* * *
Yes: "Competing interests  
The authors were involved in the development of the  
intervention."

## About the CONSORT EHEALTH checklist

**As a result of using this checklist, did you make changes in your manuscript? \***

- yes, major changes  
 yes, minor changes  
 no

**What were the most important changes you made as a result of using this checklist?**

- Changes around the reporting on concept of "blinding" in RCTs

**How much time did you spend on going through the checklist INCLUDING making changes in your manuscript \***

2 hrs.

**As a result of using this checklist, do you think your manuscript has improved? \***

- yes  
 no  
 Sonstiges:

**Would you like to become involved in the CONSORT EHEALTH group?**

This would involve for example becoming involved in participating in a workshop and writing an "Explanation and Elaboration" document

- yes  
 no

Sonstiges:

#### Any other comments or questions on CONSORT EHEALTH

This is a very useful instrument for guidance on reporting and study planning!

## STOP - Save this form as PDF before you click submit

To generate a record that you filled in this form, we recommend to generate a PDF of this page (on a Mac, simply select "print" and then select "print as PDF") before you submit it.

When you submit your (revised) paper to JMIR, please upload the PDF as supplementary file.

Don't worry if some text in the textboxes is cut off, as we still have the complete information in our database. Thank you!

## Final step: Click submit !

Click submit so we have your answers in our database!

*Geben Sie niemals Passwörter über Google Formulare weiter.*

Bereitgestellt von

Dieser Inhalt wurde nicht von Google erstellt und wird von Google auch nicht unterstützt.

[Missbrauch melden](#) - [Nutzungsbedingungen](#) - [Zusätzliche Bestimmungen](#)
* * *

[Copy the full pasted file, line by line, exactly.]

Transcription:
Yes: "Competing interests  
The authors were involved in the development of the  
intervention."

## About the CONSORT EHEALTH checklist

**As a result of using this checklist, did you make changes in your manuscript? \***

- yes, major changes  
 yes, minor changes  
 no

**What were the most important changes you made as a result of using this checklist?**

- Changes around the reporting on concept of "blinding" in RCTs

**How much time did you spend on going through the checklist INCLUDING making changes in your manuscript \***

2 hrs.

**As a result of using this checklist, do you think your manuscript has improved? \***

- yes  
 no  
 Sonstiges:

**Would you like to become involved in the CONSORT EHEALTH group?**

This would involve for example becoming involved in participating in a workshop and writing an "Explanation and Elaboration" document

- yes  
 no

Sonstiges:

#### Any other comments or questions on CONSORT EHEALTH

This is a very useful instrument for guidance on reporting and study planning!

## STOP - Save this form as PDF before you click submit

To generate a record that you filled in this form, we recommend to generate a PDF of this page (on a Mac, simply select "print" and then select "print as PDF") before you submit it.

When you submit your (revised) paper to JMIR, please upload the PDF as supplementary file.

Don't worry if some text in the textboxes is cut off, as we still have the complete information in our database. Thank you!

## Final step: Click submit !

Click submit so we have your answers in our database!

*Geben Sie niemals Passwörter über Google Formulare weiter.*

Bereitgestellt von

Dieser Inhalt wurde nicht von Google erstellt und wird von Google auch nicht unterstützt.

[Missbrauch melden](#) - [Nutzungsbedingungen](#) - [Zusätzliche Bestimmungen](#)